Enbridge Inc. has been granted conditional approval to ship oil from western Canada through an Ontario pipeline from Sarnia to Hamilton.
But opponents of the $16.9-million project - who fear it could eventually lead to Ontario being a conduit for oilsands crude - say they're encouraged by some of the restrictions laid down by the energy board.
Enbridge said in a statement that the company is "reviewing the recommendations and will provide a response later this week once the review is complete."
The ruling comes as Enbridge seeks permission to build a pipeline to ship oilsands crude through British Columbia. It has also been beset by spills at pipelines in Michigan and Wisconsin.
Enbridge Line 9 is a 76-centimetre pipe running between Sarnia and Montreal that currently carries low volumes of imported oil westward to refineries in Sarnia.
Enbridge has proposed reversing the flow to carry 152,000 barrels of light crude oil a day from western Canada eastward as far as its Westover terminal near Hamilton.
The company says the reversed pipeline "will be capable of transporting a range of crude oil products." That raised fears among groups that the line might be used to ship crude from the oilsands.
The ruling appears to set one hurdle that will have to be jumped before that can happen, however. It says the current rate structure approved for shipping oil through the line does not allow for the transport of heavy crude from the oilsands.
"In future, if Enbridge wishes to transport heavy crude oil on Line 9, it will need to apply to the board," the ruling says.
That's "somewhat positive," said Albert Koehls, a lawyer for Equiterre, one of several environmental groups that appeared before the energy board at hearings in May.
"If Ontario's to be a conduit for tar sand expansion, there should be some public dialogue or public debate," Koehls said in an interview.
If opponents wish to appeal the decision to federal court, they must file a notice within 30 days.
Pipeline opponents say that synthetic crude from the oilsands is riskier to ship, with more chances of pipeline breaks.
Enbridge says that's not the case; its lawyer Douglas Crowther called the claims "ill informed and unsubstantiated" at the May hearings.
"Enbridge simply will not transport oil that cannot be transported safely," Crowther insisted.
Enbridge noted at the hearings that reversing the pipeline's flow will involve a negligible amount of new construction along the line.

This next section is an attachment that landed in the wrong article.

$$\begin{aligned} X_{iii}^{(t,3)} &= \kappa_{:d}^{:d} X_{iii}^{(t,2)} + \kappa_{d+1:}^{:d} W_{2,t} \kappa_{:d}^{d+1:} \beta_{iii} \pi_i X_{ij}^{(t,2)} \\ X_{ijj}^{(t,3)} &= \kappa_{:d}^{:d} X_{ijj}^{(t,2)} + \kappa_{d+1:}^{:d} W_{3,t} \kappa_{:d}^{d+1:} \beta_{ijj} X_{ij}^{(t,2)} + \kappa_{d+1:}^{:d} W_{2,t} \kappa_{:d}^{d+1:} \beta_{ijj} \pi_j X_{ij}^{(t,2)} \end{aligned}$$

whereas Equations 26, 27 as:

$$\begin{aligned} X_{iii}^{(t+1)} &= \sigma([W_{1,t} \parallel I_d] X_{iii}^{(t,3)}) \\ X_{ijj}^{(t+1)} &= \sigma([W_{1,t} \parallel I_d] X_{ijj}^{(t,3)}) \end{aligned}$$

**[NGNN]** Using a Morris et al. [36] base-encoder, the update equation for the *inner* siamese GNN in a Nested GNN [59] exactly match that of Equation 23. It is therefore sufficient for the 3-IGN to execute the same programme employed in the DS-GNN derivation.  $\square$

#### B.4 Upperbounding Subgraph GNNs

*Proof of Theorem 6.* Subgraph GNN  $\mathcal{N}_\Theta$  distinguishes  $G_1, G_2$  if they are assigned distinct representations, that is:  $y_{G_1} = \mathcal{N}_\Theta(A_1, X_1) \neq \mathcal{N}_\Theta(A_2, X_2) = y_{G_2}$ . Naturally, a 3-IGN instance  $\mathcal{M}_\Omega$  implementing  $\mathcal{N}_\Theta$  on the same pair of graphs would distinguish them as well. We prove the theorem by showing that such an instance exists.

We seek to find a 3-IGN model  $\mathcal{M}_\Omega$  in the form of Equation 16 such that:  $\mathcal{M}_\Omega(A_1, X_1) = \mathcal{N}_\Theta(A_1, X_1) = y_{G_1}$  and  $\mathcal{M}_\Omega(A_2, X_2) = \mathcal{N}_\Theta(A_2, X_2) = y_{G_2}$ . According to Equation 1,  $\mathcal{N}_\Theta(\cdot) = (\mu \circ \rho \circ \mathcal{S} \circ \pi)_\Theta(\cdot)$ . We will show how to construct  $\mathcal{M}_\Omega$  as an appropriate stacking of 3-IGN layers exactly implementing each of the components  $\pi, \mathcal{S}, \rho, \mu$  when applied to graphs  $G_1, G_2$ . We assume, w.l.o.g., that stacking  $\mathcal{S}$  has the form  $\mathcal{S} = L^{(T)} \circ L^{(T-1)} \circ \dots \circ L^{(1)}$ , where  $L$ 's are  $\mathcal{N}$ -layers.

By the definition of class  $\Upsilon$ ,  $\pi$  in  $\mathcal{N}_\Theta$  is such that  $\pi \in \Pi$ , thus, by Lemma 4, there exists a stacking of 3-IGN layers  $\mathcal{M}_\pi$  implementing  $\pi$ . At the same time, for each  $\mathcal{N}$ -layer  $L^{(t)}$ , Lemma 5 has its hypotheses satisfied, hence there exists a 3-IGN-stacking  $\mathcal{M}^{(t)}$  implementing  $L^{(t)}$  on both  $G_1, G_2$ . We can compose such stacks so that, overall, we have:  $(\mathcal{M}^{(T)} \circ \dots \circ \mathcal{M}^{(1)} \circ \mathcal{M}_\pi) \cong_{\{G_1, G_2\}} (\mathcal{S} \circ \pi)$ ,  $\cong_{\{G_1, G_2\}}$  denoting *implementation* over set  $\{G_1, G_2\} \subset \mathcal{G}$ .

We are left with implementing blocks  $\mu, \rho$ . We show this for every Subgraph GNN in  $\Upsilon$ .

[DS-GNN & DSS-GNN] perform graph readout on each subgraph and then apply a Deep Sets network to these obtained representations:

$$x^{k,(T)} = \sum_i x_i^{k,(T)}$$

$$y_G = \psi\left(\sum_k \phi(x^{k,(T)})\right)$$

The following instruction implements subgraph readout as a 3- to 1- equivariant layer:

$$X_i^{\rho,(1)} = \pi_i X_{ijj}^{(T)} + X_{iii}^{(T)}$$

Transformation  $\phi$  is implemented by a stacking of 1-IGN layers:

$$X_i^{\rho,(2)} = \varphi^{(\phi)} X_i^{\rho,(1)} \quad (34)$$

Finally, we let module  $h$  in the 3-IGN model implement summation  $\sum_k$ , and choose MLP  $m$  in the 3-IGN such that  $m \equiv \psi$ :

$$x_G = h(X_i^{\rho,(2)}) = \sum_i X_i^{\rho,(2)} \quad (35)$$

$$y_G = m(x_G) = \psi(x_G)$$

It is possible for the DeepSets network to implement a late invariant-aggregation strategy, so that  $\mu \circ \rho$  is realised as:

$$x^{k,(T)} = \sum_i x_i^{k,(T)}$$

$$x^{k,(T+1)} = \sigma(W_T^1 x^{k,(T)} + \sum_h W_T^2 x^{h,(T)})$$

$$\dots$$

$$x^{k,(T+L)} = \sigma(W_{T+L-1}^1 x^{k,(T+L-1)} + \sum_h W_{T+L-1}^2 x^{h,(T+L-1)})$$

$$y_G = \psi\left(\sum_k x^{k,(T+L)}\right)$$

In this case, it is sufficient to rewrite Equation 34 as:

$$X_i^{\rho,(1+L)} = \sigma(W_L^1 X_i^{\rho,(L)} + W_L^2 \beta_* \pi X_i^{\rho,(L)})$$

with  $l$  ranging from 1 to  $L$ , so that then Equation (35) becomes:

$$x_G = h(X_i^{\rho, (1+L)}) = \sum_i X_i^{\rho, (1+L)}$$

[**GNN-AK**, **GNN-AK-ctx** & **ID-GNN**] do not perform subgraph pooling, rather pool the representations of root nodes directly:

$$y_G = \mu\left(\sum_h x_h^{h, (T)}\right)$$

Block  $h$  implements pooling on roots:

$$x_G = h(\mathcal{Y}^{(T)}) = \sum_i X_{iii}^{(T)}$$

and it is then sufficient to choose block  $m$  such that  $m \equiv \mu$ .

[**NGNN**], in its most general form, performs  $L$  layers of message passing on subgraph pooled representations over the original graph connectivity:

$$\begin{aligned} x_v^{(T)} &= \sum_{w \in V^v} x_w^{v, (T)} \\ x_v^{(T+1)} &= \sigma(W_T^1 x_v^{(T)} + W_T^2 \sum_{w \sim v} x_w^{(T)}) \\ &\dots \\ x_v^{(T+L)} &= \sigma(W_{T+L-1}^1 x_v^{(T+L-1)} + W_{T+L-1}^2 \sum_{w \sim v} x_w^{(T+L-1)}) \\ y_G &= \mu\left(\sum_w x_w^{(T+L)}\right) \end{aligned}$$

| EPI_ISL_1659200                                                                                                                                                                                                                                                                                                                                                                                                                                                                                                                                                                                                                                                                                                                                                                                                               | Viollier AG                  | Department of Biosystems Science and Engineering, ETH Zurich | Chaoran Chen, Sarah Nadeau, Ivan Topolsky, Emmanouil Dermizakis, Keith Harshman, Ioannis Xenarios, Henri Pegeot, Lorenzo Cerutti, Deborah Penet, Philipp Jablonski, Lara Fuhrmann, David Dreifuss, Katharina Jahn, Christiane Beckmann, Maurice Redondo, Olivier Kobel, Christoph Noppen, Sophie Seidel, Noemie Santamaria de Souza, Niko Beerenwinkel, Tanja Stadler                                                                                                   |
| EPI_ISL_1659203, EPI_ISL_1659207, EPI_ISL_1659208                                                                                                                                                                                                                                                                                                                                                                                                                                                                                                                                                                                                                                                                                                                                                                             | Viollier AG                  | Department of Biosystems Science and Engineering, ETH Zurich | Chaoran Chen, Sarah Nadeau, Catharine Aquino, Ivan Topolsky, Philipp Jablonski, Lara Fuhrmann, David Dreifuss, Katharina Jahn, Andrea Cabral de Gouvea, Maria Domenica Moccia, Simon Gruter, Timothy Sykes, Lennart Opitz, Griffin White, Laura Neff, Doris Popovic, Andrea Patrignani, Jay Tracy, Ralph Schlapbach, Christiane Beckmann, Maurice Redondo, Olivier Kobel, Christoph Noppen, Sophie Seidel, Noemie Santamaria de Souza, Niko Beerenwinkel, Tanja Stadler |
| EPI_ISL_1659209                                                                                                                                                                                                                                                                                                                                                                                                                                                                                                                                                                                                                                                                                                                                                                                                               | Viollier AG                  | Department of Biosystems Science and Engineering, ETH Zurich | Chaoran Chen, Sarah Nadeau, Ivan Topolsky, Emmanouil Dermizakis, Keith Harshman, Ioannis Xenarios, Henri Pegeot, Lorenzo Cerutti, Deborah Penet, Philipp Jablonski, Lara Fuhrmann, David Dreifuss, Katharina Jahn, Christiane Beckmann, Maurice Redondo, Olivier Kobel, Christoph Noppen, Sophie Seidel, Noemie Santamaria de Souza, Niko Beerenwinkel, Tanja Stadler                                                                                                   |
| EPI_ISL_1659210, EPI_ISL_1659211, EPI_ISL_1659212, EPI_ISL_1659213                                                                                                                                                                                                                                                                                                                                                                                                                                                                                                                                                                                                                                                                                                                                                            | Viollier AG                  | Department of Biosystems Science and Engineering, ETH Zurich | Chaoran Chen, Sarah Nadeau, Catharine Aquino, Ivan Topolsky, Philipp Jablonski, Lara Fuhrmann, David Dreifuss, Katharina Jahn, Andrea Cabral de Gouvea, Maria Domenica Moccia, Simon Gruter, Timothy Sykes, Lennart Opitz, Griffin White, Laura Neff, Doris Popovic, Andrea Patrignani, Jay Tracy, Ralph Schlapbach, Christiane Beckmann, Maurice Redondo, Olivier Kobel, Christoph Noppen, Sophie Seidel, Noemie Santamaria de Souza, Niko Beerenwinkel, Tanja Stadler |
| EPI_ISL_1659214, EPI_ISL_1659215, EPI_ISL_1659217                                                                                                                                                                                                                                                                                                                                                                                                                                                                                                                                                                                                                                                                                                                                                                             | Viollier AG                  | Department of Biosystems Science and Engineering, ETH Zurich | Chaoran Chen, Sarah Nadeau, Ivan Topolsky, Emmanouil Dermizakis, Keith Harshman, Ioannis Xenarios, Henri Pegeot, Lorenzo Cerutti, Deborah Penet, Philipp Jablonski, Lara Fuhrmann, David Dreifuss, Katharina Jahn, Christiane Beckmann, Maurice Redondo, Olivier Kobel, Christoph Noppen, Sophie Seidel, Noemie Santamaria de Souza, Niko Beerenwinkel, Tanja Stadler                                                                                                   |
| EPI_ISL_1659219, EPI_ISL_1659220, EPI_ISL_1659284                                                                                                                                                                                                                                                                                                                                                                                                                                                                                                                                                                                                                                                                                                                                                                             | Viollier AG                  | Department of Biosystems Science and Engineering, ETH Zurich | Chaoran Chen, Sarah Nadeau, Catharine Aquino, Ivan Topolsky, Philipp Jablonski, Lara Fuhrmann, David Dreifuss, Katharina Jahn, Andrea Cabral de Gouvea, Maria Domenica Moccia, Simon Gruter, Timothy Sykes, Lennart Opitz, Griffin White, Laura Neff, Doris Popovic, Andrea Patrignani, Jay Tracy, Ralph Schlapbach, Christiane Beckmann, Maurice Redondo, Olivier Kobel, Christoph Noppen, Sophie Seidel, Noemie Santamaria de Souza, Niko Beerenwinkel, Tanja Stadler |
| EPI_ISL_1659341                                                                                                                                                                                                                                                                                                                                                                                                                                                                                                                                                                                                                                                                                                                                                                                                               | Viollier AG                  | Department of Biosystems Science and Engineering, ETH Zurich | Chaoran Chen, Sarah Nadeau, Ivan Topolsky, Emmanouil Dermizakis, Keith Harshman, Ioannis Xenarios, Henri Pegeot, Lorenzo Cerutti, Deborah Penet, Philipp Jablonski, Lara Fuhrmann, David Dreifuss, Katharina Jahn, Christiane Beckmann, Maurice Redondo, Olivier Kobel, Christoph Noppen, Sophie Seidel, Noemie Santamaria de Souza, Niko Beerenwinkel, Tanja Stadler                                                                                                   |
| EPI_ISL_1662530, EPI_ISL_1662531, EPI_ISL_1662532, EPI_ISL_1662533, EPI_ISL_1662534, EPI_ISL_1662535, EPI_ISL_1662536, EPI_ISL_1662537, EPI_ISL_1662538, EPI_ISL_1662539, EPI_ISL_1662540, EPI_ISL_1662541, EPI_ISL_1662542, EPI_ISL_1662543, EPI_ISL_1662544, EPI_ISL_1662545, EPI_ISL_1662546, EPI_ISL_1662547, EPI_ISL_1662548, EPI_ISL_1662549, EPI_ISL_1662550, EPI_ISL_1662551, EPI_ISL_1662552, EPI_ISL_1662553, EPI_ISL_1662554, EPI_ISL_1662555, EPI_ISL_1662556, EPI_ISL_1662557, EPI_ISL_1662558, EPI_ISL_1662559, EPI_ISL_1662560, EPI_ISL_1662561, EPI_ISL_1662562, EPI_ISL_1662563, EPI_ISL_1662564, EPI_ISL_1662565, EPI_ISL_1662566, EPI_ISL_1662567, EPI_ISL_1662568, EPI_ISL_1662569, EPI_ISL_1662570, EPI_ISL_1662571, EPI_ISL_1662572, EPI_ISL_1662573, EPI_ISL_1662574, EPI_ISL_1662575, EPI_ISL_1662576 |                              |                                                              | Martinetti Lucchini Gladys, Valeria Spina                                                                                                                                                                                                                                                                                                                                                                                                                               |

Whatever Enbridge ships through the reversed line, the company must come back to the energy board to apply for "leave to open" the pipeline before it can start operating the line.
The energy board set out a number of technical requirements that Enbridge must meet.
The company's actions in meeting the requirements will be subject to "rigorous engineering assessment by the board," said spokeswoman Erin Dottor. She said there would be no public hearings involved.
Much of the controversy around the Line 9 reversal stems from a debate over what the project entails. The current decision allows Enbridge to reverse the line from Sarnia to Hamilton. That will allow Enbridge to pipe oil south to an Imperial Oil refinery in Nanticoke, Ont., which is now supplied with imported crude.
Imperial is anxious to refine western Canadian crude, which is priced lower than imported oil.
But Enbridge has also announced it's interested in reversing the remainder of the pipeline to Montreal - although no formal application has been submitted.
The Sarnia-to-Hamilton project is called "Phase I," leading opponents to ask what further phases may be.
Several intervenors who appeared at the May hearings said that once Enbridge moves the crude to Montreal, the company will want to ship it on the ports on the U.S. east coast.
Enbridge had proposed that scheme, dubbed "Trailbreaker," but later backed away from it.
Several aboriginal groups appeared at the hearing to oppose the reversal, but the board concluded in its decision that "any potential project impacts on aboriginal interests will be minimal and will be appropriately mitigated."
Provided its conditions are met, the energy board said it is "satisfied that it is in the public interest to approve the project."
Copyright 2012 Toronto Star Newspapers Limited